Southeast Aerospace exchanges are based on the return of an undamaged, economically repairable core unit with identical part number as the unit shipped to the customer. An "economically repairable" core is defined as one where the cost to repair/overhaul (or Repair Cap) does not exceed 75% of the original SV/OH exchange price billed. Should the Repair Cap exceed 75%, the customer will be billed the additional amount. In the event this amount exceeds the Outright Price for the unit, the customer would only be billed the difference between the Outright Price and SV/OH Exchange Price with the core returned as-is to the customer.

Here is an example of such a transaction:

$1000 Exchange Price charged to customer
$1000 x .75 = $750 Maximum Allowable core repair charge or Repair Cap

$2000 Cost to repair core unit
- $750 Less Core repair cap
---------
$1250 Additional billing amount.

2250.00 Total Cost of transaction

Please Note:
SEA offers exchange on new items as well. However, repair cap as indicated above is still based on SV/OH exchange price.




  
What indicators are recommended to interface with the KX-165 nav/comm?
While there are many indicator options for the KX-165, the more commonly interfaced indicators include the following:

(VOR/LOC only)
KI-202

(VOR/LOC Glideslope)
KI-206
KNI-520

(HSI)
KI-525A
KPI-552
KPI-553A

(RMI)
KI-229




  
Can a VOR/LOC converter board be added to the KX-155 so it will function like a KX-165?
There is no Service Bulletin that approves the modification of a KX-155 to add a VOR/LOC converter. The main PC boards in the KX-155 and KX-165 are different thus allowing for one to have converter capabilities (i.e. KX-165) and one to not have this capability (KX-155). Any KX-155 that has a VOR/LOC converter board is a Suspected Unapproved Part (SUP) and should not be installed into a certified aircraft.



  
Are SEA's Exchange prices negotiable?
Negotiating the exchange price of a unit only limits the allowable repair cap for the core unit. Southeast Aerospace's exchange transactions are based on the return of economically repairable core unit. Once the core is received and evaluated, the core repair cost incurred by SEA cannot exceed 75% of the original exchange price. That is, it cannot cost SEA more than 75% of the original OH/SV exchange price collected from the customer. Therefore, when and if an SEA exchange price is discounted, there is a risk that additional charges may be assessed once the core is returned and evaluated.

For more information, please refer to these other Exchange FAQs



  
I need some pins for my Sliver Crown unit, how can I get them?
The part number for the terminal contact pin that is used on most Silver Crown units is 030-01107-0000. Previously, Honeywell (Bendix/King) offered them in preset amounts based on the unit that were being used with (ex. 030-01107-0064 for the KX-155). Currently, you simply purchase the amount of -0000 pins required.

As of 2010, the List Price for each contact pin is $5.98. Therefore, in most cases, it is less expensive to buy the entire unit installation kit.



  
What do I need to use a 28 volt KX-155 in a 14 volt aircraft?
A power converter or booster is required to provide enough power to increase the 14 volts from the aircraft to 28 volts to operate the KX-155. The max amperage needed is 6.0 A for the transmit portion of the KX-155 and KX-165. Therefore, we recommend the Ameri-King AK-550-6.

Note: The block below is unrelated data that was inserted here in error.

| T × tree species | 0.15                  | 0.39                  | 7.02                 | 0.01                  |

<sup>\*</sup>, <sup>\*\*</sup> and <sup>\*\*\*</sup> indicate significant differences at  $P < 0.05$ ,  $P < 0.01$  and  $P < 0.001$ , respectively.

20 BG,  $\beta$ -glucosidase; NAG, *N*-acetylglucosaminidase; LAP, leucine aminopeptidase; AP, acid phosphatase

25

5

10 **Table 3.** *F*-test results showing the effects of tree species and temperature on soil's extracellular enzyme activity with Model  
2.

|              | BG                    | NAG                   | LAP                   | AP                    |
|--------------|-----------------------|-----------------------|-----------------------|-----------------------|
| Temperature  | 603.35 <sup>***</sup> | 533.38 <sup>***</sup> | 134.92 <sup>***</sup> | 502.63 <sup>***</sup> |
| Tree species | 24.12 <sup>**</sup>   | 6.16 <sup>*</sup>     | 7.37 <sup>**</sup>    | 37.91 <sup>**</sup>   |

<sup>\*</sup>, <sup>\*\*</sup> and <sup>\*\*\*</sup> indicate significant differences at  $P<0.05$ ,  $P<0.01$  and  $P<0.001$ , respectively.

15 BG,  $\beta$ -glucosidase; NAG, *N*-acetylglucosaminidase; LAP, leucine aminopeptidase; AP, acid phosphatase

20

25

KX-165 Product FAQ

Click on a question below to see the answer.
If you have a question about this model that is not answered below, please contact sales@seaerospace.com

Are there any compatibility issues with the Bendix/King KA-120 DME/GS adapter when interfacing to the KX-125/155/165 Nav/Comms?
Yes. Southeast Aerospace recommends that Service bulletin 1 and 2 be complied with on the KA-120 when the adapter is being installed on a new installation.

Service Bulletin 1 corrects an impedance mismatch between the new generation KX-155 and KX-165 Nav/Comms that utilize surface mount technology. KA-120 with serial number 1845 and above have Service Bulletin 1 incorporated during original manufacturing. The cost to add SB 1 is approximately $200.

Service Bulletin 2 corrects a serial tuning bus incompatibility when interfacing the KA-120 with a KX-125 and with new generation KX-155 and KX-165 surface mount units (post Mod 16 units). KA-120 with serial number 2819 and above have Service Bulletin 2 incorporated during original manufacturing. Honeywell does offer warranty credit for any KA-120 S/N 2818 and below that requires this modification. An authorized Honeywell Service Center must perform the modification and submit the warranty claim.




  
What is the difference between Honeywell (Bendix/King) part numbers with 9 digits vs. 12 digits?
None, they represent the same unit. Original King Radio part numbers were 9 digits. For example, 066-3056-01. During the Bendix and King merger (i.e. Bendix/King), a new part numbering system was created that converted these 9 digit part numbers to 12 digits. Therefore, 066-3056-01 became 066-03056-0001. Despite this numbering change, units that were originally from the King Radio design still have the 9 digit part number format on the unit dataplate. The 12 digit format for King units appears to be used for catalog and internal Honeywell purposes only. Therefore, any unit that has a zero in its third to last number (i.e. XXX-XXXX-X0XX) has a 9 digit part number (i.e. XXX-XXXX-XXX) on its dataplate / ID Plate.



  
What is meant by 50 kHz (i.e. narrow vs. wide) receiver selectivity?
This does not pertain to the comm selector channel spacing.

With the evolution and growth of airborne travel and the necessity for more usable frequencies in the VHF communications spectrum, the "channel" spacing became smaller. To avoid interference between channels the bandwidth of the RF stages was decreased from 50khz to 25khz. In doing so, another problem was introduced. If the ground transmitter or the air to air transmitter was not capable of tighter frequency tolerances, it was possible the 25khz RF selectivity would not allow the receive signal to pass and the aircraft crew could miss critical voice communications.